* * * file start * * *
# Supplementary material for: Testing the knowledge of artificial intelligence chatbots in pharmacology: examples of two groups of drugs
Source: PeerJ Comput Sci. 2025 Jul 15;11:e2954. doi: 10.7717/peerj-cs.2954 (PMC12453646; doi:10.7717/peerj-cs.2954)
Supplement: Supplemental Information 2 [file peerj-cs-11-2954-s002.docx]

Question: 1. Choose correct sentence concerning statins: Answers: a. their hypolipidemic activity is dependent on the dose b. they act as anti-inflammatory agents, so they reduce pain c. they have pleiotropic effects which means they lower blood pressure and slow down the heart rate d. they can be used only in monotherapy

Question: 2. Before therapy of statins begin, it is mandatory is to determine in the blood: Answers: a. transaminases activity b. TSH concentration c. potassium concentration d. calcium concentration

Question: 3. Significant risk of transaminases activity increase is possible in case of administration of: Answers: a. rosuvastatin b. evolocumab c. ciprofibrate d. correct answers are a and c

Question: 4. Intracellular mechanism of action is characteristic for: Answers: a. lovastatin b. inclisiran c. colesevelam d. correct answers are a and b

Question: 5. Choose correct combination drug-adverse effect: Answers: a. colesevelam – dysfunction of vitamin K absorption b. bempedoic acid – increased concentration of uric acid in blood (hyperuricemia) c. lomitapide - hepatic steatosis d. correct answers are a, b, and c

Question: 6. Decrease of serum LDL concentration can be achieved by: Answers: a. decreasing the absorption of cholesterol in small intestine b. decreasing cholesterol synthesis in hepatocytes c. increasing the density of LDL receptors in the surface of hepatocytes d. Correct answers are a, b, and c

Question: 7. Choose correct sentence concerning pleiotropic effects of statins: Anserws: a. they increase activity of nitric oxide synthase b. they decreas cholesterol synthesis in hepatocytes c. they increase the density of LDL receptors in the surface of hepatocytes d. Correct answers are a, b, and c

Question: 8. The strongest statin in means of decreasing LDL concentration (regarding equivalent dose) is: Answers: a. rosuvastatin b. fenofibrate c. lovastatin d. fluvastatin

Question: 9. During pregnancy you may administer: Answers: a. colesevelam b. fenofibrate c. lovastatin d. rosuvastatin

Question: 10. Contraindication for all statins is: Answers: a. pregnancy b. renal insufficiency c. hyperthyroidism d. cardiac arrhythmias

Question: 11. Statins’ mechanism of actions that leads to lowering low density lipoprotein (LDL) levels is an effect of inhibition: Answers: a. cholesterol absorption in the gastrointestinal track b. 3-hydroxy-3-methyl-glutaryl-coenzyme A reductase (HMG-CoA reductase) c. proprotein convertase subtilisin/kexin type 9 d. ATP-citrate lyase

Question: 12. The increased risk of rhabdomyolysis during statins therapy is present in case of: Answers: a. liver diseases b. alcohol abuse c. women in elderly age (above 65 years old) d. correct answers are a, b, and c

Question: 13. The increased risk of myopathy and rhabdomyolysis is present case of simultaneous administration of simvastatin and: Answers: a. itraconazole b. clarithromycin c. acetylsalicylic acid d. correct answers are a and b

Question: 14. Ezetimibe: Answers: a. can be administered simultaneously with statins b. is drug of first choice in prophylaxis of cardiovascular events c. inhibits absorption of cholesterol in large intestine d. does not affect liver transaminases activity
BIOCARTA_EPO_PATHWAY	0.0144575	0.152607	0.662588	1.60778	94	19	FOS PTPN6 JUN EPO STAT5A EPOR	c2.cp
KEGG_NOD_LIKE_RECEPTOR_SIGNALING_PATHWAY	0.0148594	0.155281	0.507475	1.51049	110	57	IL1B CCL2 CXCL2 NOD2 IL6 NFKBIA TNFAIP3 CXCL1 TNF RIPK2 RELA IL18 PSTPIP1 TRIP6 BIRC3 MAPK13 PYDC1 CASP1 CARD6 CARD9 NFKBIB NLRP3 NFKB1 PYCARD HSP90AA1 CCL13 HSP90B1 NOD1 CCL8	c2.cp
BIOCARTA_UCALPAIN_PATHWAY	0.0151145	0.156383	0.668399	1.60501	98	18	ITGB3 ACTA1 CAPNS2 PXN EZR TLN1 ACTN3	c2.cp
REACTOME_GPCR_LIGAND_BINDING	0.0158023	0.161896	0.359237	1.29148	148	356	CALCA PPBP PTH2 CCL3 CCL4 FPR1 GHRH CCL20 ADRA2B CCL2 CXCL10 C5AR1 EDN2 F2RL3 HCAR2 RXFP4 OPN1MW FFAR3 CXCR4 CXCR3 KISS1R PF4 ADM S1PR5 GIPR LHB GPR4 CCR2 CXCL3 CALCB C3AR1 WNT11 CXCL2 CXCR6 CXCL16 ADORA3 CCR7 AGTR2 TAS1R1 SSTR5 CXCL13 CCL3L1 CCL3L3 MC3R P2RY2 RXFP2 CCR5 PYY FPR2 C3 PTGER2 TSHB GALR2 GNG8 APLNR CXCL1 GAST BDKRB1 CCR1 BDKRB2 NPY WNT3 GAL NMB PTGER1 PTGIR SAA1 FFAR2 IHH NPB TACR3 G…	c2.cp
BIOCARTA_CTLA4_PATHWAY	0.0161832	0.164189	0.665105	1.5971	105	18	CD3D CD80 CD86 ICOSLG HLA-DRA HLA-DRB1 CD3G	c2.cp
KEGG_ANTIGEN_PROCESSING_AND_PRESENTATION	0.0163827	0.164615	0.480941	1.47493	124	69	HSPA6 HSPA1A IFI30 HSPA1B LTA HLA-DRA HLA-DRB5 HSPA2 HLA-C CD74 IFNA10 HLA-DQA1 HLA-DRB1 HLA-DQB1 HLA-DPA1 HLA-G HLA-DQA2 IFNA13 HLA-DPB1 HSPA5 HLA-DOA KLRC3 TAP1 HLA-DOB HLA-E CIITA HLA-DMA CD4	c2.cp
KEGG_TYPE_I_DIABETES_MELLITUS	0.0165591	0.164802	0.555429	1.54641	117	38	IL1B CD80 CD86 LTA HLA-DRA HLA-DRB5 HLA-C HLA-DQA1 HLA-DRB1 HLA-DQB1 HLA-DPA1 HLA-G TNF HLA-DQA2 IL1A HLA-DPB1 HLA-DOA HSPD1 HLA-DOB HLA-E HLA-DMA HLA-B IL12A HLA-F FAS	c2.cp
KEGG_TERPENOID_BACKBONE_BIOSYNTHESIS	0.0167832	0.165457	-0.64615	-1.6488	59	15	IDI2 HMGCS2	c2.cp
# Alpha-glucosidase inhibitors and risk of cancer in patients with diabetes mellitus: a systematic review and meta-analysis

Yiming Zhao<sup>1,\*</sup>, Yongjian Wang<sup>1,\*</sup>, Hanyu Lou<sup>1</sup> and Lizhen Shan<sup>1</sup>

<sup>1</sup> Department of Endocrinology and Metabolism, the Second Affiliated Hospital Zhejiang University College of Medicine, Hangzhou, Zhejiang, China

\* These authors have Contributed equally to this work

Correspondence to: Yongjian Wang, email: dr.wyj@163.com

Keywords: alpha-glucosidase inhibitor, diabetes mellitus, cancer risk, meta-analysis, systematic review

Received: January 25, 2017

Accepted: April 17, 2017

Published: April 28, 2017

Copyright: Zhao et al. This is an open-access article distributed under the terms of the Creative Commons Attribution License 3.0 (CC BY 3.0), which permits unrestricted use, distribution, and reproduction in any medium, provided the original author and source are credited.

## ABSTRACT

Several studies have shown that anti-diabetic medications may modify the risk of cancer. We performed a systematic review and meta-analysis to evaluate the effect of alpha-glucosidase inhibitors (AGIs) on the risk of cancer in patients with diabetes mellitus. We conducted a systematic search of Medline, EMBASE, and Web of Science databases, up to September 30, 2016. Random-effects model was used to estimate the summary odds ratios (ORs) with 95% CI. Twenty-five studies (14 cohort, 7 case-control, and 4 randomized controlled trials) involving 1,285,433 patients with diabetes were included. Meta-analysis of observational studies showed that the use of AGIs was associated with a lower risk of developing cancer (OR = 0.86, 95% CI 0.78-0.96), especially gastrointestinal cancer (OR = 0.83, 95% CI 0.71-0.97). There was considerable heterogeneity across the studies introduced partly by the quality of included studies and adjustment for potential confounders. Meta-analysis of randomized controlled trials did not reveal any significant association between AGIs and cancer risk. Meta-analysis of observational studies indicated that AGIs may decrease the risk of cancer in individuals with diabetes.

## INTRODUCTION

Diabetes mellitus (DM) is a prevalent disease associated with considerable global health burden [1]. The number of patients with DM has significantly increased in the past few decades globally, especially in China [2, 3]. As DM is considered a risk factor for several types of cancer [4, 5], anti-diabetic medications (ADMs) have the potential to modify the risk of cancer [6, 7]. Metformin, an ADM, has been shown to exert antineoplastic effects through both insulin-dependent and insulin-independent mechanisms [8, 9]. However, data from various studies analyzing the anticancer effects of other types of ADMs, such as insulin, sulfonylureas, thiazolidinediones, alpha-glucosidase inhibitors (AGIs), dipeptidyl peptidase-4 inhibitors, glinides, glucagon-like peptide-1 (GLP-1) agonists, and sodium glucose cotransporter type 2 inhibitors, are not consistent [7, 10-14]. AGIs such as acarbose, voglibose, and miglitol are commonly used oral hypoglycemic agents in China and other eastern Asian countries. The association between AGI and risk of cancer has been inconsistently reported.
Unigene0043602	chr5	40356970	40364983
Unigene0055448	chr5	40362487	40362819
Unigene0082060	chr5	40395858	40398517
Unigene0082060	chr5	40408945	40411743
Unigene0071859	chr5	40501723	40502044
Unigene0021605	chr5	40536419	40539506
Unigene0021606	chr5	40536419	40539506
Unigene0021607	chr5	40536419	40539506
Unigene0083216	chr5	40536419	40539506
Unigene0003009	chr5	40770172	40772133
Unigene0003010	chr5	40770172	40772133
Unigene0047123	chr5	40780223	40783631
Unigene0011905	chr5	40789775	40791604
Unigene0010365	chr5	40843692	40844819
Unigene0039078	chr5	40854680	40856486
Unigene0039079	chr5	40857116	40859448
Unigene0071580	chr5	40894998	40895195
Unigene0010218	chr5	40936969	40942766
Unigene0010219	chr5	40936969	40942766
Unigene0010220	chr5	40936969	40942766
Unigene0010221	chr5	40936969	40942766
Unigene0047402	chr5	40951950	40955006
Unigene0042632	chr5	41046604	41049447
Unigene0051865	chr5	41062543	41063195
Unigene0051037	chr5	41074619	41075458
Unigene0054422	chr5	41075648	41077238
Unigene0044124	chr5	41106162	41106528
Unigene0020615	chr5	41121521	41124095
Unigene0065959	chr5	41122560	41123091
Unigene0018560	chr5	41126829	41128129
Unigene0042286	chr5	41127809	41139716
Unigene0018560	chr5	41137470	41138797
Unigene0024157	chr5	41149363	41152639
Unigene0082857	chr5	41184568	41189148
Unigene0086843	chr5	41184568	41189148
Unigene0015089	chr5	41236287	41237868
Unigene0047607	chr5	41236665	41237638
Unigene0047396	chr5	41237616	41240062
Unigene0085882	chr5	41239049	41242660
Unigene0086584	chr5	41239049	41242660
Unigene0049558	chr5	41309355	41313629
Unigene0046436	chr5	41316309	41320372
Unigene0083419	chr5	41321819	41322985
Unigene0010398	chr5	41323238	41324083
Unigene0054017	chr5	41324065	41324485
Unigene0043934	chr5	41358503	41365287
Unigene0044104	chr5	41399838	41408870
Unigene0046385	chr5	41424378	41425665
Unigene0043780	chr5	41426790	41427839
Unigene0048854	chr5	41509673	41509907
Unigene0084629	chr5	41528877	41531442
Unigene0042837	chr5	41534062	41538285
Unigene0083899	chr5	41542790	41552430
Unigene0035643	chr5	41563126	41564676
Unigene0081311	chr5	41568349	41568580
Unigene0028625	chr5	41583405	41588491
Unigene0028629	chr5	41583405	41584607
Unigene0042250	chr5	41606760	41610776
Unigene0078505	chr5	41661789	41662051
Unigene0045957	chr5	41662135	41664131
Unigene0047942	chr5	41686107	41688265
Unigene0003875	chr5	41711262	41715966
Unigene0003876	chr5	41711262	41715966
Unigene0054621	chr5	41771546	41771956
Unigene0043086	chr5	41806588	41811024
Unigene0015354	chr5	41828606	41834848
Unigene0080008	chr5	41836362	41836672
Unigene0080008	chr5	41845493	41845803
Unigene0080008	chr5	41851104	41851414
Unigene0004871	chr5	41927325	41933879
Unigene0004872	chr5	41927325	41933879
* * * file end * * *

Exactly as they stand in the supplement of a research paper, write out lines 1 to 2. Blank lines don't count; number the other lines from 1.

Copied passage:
# Supplementary material for: Testing the knowledge of artificial intelligence chatbots in pharmacology: examples of two groups of drugs
Source: PeerJ Comput Sci. 2025 Jul 15;11:e2954. doi: 10.7717/peerj-cs.2954 (PMC12453646; doi:10.7717/peerj-cs.2954)